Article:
Frederick R. Macaulay, The Movements of Interest Rates, Bond Yields and Stock Prices in the United States Since 1856 (National Bureau of Economic Research, New York, 1938), pp. A141–61.
Data for the earlier years are from Board of Governors of the Federal Reserve System, Banking and Monetary Statistics (Washington, November 1943); those for the more recent years are from Federal Reserve Bulletins.
Rediscounting occurred among commercial banks before the establishment of the Federal Reserve System but was likely to become expensive and difficult in times of monetary stringency.
Federal Reserve Banks’ holdings of U.S. Government securities increased from $0.5 billion at the end of 1929 to $2.4 billion at the end of 1933, but remained approximately stable in the years 1934–39 The gold stock, which was $4.0 billion at the end of 1929 and again at the end of 1933, rose to $17.6 billion by the end of 1939. See Banking and Monetary Statistics (cited above), pp. 375–77.
For details of the policies of the U.S. Treasury and the Federal Reserve Board with respect to interest rates from 1939 to 1951, see Henry C. Murphy, The National Debt in War and Transition (New York, Toronto, and London, 1950), and U.S. Congress, Joint Committee on the Economic Report, Monetary Policy and the Management of the Public Debt: Replies to Questions and Other Materials for the Use of the Subcommittee on General Credit Control and Debt Management (82nd Cong., 2nd Sess., Washington, 1952), Vol. 1, pp. 50–76 and 346–68.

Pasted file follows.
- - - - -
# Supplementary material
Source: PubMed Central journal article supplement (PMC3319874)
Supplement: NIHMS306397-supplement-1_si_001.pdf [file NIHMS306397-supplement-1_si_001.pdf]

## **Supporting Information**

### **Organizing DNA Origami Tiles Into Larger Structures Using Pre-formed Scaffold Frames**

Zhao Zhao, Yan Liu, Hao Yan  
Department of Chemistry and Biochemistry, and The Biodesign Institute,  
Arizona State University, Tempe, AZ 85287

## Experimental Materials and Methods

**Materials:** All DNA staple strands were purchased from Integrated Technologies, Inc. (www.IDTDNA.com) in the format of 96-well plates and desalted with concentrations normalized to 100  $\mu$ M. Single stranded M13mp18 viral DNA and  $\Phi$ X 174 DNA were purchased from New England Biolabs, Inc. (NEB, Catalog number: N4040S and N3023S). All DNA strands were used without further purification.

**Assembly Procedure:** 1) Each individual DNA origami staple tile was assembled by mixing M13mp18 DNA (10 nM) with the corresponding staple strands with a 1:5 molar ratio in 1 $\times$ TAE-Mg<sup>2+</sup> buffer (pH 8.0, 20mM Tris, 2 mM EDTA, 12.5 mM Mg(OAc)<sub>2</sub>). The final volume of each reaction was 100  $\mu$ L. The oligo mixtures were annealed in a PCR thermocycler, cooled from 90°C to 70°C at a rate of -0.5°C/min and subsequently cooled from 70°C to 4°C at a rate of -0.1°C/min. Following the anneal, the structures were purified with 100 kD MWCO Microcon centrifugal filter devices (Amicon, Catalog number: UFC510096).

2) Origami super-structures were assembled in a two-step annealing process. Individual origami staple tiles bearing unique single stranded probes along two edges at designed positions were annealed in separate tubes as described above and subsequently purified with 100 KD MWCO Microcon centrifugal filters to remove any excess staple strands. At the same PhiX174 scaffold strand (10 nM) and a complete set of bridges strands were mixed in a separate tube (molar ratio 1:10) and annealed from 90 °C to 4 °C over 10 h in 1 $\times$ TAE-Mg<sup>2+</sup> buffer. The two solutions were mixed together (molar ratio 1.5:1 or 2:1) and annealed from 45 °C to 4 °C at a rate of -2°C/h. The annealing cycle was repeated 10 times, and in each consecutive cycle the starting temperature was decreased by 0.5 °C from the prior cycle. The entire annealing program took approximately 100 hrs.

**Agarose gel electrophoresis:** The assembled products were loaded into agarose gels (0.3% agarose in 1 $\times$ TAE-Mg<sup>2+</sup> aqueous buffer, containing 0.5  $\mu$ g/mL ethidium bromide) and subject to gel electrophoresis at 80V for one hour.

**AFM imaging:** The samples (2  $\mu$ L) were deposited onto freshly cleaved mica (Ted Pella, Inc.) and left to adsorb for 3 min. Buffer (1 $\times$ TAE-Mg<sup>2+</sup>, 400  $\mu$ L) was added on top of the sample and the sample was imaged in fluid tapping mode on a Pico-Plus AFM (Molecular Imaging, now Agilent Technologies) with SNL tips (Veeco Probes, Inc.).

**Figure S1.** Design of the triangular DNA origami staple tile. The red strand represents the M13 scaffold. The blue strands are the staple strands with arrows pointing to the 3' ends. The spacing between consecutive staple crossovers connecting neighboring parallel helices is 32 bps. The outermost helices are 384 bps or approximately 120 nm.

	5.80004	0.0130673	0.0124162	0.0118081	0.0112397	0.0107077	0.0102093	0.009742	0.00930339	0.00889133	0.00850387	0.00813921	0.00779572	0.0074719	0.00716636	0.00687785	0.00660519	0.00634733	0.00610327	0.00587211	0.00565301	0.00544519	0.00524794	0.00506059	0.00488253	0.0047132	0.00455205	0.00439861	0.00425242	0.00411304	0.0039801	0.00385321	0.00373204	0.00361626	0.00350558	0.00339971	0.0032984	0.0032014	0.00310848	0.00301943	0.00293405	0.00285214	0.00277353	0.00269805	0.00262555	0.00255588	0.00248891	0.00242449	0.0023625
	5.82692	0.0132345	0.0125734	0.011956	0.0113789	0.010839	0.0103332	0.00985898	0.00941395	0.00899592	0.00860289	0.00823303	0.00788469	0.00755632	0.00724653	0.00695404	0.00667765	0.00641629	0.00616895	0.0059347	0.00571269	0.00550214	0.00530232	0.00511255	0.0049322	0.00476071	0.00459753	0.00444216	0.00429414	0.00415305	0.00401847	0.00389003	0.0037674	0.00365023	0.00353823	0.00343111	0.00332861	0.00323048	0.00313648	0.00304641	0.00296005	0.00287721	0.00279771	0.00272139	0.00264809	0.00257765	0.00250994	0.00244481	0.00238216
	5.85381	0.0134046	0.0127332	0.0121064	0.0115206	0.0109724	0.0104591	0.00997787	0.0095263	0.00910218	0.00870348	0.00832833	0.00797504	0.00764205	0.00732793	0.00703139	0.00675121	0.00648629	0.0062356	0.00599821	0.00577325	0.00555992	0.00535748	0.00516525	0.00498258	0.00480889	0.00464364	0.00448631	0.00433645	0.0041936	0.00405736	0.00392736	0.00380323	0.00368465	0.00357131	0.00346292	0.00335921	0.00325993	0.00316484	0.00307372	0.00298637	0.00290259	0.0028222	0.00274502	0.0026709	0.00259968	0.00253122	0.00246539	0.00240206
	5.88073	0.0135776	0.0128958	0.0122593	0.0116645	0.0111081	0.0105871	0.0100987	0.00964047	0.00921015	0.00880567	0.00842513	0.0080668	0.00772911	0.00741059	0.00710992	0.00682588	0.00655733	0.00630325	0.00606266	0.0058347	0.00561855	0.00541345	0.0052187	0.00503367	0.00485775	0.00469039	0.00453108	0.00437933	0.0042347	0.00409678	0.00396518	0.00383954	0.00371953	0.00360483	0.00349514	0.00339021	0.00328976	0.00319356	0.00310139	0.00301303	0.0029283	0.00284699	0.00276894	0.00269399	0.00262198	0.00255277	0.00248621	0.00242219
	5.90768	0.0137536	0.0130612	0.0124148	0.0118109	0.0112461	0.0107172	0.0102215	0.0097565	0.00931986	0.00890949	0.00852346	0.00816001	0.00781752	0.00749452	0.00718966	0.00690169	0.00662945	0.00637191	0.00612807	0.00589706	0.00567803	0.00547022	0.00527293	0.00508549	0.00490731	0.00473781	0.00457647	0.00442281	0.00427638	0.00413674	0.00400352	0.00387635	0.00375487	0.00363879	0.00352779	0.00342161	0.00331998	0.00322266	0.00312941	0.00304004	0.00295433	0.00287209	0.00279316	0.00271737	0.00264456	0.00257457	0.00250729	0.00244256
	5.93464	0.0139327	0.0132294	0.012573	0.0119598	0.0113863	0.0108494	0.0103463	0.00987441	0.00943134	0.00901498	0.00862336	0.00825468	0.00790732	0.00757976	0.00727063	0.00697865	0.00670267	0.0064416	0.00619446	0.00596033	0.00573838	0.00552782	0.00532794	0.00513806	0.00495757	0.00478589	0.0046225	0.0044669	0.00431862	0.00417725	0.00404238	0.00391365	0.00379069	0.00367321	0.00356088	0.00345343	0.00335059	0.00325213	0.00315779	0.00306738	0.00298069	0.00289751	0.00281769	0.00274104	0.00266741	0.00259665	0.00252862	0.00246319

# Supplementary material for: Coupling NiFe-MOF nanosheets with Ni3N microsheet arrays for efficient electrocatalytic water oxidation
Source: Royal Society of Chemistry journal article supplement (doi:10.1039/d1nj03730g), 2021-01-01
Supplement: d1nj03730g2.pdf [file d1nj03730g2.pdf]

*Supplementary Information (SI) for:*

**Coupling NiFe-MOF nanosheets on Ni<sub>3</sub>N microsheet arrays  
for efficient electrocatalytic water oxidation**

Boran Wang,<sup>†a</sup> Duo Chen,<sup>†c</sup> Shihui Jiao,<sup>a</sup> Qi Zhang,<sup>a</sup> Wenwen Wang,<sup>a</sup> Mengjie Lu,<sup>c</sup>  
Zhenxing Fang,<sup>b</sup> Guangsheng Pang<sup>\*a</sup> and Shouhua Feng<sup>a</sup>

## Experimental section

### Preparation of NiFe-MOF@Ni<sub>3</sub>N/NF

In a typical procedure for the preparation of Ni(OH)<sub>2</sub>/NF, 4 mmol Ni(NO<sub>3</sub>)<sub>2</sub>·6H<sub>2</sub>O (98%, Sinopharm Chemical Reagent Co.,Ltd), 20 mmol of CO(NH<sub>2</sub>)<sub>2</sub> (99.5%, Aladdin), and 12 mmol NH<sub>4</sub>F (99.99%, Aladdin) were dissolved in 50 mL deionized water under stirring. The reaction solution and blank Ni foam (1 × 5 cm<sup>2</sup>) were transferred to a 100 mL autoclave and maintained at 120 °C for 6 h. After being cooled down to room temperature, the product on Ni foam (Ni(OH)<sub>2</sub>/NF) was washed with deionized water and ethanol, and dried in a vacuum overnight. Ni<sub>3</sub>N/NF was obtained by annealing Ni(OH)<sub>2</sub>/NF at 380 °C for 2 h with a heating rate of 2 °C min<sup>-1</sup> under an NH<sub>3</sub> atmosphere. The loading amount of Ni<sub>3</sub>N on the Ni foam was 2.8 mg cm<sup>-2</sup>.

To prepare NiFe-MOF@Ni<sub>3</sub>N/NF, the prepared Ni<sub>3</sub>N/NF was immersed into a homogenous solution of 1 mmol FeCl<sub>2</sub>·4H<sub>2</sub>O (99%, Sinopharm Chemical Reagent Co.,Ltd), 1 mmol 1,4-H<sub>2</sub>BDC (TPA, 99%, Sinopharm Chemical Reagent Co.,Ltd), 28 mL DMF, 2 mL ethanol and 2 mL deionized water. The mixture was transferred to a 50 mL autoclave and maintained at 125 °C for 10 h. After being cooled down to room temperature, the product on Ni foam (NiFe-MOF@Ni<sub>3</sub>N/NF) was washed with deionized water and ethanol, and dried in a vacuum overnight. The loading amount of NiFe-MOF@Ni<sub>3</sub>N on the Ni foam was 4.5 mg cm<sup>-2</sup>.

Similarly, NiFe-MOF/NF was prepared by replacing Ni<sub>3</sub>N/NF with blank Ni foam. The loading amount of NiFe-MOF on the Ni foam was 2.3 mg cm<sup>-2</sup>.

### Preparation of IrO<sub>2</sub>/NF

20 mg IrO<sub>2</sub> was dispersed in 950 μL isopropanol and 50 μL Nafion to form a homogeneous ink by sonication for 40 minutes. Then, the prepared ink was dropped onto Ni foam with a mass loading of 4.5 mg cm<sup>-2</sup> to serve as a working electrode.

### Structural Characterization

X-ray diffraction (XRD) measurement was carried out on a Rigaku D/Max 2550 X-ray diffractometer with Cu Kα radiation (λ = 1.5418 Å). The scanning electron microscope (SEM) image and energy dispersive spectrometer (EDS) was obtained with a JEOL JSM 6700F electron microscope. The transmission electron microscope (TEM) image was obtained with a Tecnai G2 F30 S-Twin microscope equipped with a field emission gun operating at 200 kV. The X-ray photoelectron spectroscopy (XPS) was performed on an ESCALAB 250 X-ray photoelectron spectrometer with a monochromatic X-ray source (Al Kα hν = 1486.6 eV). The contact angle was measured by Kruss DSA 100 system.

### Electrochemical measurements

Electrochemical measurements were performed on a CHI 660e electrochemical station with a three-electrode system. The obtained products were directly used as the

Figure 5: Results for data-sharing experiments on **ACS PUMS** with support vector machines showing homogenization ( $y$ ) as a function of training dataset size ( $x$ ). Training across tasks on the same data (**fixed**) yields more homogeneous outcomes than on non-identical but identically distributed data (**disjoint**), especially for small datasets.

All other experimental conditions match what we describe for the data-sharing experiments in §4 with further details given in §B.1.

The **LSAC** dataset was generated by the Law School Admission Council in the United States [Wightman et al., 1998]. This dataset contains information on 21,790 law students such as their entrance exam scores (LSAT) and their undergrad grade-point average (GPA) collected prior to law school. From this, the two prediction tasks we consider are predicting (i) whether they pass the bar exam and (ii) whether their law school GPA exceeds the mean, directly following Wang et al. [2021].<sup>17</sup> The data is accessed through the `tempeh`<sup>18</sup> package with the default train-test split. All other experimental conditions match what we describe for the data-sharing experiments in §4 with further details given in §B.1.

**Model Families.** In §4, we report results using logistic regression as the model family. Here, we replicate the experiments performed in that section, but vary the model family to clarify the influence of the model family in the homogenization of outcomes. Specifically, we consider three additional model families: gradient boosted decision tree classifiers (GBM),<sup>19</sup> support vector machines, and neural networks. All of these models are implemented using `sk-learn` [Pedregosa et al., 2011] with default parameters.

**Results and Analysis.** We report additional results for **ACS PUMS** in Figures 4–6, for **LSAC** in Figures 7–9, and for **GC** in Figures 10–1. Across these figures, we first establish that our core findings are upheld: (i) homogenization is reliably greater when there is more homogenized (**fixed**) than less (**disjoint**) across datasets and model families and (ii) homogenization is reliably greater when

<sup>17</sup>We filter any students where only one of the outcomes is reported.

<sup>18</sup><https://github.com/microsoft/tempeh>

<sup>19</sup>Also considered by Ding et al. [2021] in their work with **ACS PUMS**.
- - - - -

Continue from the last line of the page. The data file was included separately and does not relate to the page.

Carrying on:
David Durand, Basic Yields of Corporate Bonds, 1900–1942 (National Bureau of Economic Research, Technical Paper 3, New York, 1942); David Durand and Willis J. Winn, Basic Yields of Bonds, 1926–1947: Their Measurement and Pattern (National Bureau of Economic Research, Technical Paper 6, New York, 1947); National Industrial Conference Board, The Economic Almanac, 1958 (New York, 1958), p. 85.
David Durand, op. cit., p. 4.
Ibid., pp. 12–14.
Both 1916 and 1925 were years of cyclical expansion of general business activity.
All of these curves are flat for the longer maturities (generally maturities longer than about 5 or 6 years); their shape for the shorter maturities is uncertain, but there is some indication that the curves may be descending in this range.
For 1932, the curve is flat for maturities longer than about 8 years, and un-certain for shorter maturities but possibly ascending; for 1952 and 1957, it is flat up to 10 and 20 years, respectively, and ascending thereafter.